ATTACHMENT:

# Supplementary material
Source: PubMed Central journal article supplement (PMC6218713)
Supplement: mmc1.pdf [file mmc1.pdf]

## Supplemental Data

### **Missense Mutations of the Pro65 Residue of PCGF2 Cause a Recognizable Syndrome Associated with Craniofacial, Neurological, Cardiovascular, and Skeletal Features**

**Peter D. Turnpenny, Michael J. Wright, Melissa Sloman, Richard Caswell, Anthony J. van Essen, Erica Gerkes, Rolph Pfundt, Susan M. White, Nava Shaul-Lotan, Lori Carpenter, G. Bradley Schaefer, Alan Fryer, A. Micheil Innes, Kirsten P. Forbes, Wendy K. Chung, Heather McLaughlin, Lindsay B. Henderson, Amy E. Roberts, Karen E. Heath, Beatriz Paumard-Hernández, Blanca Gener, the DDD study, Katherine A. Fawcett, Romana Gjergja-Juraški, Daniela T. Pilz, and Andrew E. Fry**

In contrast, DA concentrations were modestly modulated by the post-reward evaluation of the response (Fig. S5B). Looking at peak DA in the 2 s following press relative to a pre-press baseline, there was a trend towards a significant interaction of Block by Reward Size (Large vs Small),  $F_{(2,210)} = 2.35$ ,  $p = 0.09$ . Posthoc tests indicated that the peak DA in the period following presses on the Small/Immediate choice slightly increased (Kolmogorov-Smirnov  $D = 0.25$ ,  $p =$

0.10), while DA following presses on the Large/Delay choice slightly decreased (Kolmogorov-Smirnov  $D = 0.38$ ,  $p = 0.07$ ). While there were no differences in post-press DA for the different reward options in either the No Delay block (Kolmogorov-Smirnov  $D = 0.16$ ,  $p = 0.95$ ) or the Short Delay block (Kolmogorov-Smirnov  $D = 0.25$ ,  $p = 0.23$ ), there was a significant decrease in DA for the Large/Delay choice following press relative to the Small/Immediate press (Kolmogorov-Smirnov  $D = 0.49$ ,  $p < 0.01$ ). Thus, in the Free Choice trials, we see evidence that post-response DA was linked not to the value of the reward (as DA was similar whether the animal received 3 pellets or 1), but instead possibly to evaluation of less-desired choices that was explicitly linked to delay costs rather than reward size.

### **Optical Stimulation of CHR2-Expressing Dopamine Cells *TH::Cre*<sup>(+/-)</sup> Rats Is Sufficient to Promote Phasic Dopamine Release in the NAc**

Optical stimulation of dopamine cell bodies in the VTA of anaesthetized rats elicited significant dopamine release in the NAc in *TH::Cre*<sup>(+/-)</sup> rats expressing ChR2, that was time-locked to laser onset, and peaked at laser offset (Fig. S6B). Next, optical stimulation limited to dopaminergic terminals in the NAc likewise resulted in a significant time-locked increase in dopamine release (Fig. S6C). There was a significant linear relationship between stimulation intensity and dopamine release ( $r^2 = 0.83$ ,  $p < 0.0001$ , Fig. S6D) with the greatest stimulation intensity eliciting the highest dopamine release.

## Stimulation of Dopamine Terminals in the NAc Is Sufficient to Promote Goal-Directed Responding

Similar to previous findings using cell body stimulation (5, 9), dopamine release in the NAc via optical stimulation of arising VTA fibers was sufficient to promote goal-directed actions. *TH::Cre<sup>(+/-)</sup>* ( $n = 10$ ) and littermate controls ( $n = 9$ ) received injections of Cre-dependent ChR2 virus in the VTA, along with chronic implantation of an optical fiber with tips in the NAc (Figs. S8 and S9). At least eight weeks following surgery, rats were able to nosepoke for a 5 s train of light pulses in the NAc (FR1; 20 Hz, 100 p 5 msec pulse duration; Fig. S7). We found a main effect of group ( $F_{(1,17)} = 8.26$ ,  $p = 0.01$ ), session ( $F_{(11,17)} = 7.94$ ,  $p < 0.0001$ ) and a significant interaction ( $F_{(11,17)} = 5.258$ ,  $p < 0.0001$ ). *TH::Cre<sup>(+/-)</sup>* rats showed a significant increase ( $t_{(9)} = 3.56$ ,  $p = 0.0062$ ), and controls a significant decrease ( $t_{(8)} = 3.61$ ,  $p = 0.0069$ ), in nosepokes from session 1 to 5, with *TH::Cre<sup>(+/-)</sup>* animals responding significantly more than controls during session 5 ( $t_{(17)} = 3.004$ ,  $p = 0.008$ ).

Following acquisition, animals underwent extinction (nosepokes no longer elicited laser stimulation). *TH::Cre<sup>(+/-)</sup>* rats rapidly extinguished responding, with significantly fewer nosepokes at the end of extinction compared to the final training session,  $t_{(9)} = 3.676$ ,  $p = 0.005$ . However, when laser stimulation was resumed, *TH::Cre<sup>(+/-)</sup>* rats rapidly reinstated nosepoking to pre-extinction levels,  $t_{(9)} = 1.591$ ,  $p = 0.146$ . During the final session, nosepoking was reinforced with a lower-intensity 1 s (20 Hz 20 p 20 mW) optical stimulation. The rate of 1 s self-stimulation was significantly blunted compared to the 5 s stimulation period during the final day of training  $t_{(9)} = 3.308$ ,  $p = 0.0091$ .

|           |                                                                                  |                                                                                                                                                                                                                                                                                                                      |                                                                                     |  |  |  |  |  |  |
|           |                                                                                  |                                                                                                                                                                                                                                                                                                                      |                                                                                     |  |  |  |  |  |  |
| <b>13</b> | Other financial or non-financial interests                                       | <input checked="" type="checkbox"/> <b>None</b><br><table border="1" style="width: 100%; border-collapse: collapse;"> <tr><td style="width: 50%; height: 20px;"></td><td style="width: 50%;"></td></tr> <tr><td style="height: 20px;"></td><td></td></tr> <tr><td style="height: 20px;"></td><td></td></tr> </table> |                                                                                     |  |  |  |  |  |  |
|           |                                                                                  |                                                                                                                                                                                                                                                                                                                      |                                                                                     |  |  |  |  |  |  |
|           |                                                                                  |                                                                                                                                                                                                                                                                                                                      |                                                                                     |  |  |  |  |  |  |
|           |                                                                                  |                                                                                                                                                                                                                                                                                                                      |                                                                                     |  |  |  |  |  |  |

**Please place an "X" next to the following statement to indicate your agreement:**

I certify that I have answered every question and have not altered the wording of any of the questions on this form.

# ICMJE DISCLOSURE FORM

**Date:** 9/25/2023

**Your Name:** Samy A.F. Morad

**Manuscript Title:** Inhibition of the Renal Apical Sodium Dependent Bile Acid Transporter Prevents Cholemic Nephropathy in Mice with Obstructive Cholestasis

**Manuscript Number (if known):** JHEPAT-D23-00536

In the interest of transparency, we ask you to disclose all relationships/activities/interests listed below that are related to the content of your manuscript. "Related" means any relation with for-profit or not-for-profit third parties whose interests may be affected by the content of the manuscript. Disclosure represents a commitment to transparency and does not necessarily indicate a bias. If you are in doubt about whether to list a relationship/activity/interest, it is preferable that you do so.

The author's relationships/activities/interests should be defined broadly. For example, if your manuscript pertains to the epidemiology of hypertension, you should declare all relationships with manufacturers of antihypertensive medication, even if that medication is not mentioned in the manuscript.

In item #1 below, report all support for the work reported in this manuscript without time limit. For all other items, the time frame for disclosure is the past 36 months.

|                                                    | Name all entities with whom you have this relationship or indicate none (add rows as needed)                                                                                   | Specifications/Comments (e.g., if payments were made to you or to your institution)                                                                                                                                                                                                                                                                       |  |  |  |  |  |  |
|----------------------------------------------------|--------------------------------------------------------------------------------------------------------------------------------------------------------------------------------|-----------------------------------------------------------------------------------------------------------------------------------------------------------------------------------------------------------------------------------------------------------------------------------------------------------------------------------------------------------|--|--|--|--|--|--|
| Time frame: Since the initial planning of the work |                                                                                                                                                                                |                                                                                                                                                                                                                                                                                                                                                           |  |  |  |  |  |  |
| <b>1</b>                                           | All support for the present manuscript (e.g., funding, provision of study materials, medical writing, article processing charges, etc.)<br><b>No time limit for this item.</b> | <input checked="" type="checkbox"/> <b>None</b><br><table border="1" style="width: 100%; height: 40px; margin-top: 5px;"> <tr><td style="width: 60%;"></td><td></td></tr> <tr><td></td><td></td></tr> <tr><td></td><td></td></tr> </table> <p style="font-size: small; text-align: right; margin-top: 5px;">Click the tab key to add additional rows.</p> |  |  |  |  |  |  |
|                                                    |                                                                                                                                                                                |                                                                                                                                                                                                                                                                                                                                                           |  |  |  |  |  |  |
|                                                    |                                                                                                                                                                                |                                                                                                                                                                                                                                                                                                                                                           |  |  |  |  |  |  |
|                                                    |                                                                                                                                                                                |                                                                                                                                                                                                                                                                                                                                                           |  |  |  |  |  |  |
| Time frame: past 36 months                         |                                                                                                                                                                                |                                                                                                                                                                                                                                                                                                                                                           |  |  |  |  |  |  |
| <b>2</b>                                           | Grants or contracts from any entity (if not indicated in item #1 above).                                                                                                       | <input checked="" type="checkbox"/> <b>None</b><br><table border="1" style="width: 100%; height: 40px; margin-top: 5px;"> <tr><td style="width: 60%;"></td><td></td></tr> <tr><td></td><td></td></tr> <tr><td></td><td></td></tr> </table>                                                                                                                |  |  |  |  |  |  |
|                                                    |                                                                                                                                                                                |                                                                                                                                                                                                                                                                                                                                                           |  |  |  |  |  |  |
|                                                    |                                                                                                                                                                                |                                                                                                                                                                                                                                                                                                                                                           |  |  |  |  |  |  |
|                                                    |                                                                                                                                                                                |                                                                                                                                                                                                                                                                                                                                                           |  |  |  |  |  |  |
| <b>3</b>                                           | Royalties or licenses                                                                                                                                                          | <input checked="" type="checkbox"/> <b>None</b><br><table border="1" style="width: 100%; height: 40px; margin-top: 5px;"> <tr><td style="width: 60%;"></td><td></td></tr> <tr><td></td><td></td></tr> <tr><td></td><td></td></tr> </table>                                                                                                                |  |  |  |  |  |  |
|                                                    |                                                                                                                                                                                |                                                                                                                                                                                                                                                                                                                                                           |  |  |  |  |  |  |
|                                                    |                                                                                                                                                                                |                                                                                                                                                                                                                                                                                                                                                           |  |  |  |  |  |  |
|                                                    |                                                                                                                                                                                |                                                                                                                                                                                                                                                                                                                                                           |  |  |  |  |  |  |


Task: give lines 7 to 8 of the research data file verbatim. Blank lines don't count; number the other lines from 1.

In contrast, DA concentrations were modestly modulated by the post-reward evaluation of the response (Fig. S5B). Looking at peak DA in the 2 s following press relative to a pre-press baseline, there was a trend towards a significant interaction of Block by Reward Size (Large vs Small),  $F_{(2,210)} = 2.35$ ,  $p = 0.09$ . Posthoc tests indicated that the peak DA in the period following presses on the Small/Immediate choice slightly increased (Kolmogorov-Smirnov  $D = 0.25$ ,  $p =$

0.10), while DA following presses on the Large/Delay choice slightly decreased (Kolmogorov-Smirnov  $D = 0.38$ ,  $p = 0.07$ ). While there were no differences in post-press DA for the different reward options in either the No Delay block (Kolmogorov-Smirnov  $D = 0.16$ ,  $p = 0.95$ ) or the Short Delay block (Kolmogorov-Smirnov  $D = 0.25$ ,  $p = 0.23$ ), there was a significant decrease in DA for the Large/Delay choice following press relative to the Small/Immediate press (Kolmogorov-Smirnov  $D = 0.49$ ,  $p < 0.01$ ). Thus, in the Free Choice trials, we see evidence that post-response DA was linked not to the value of the reward (as DA was similar whether the animal received 3 pellets or 1), but instead possibly to evaluation of less-desired choices that was explicitly linked to delay costs rather than reward size.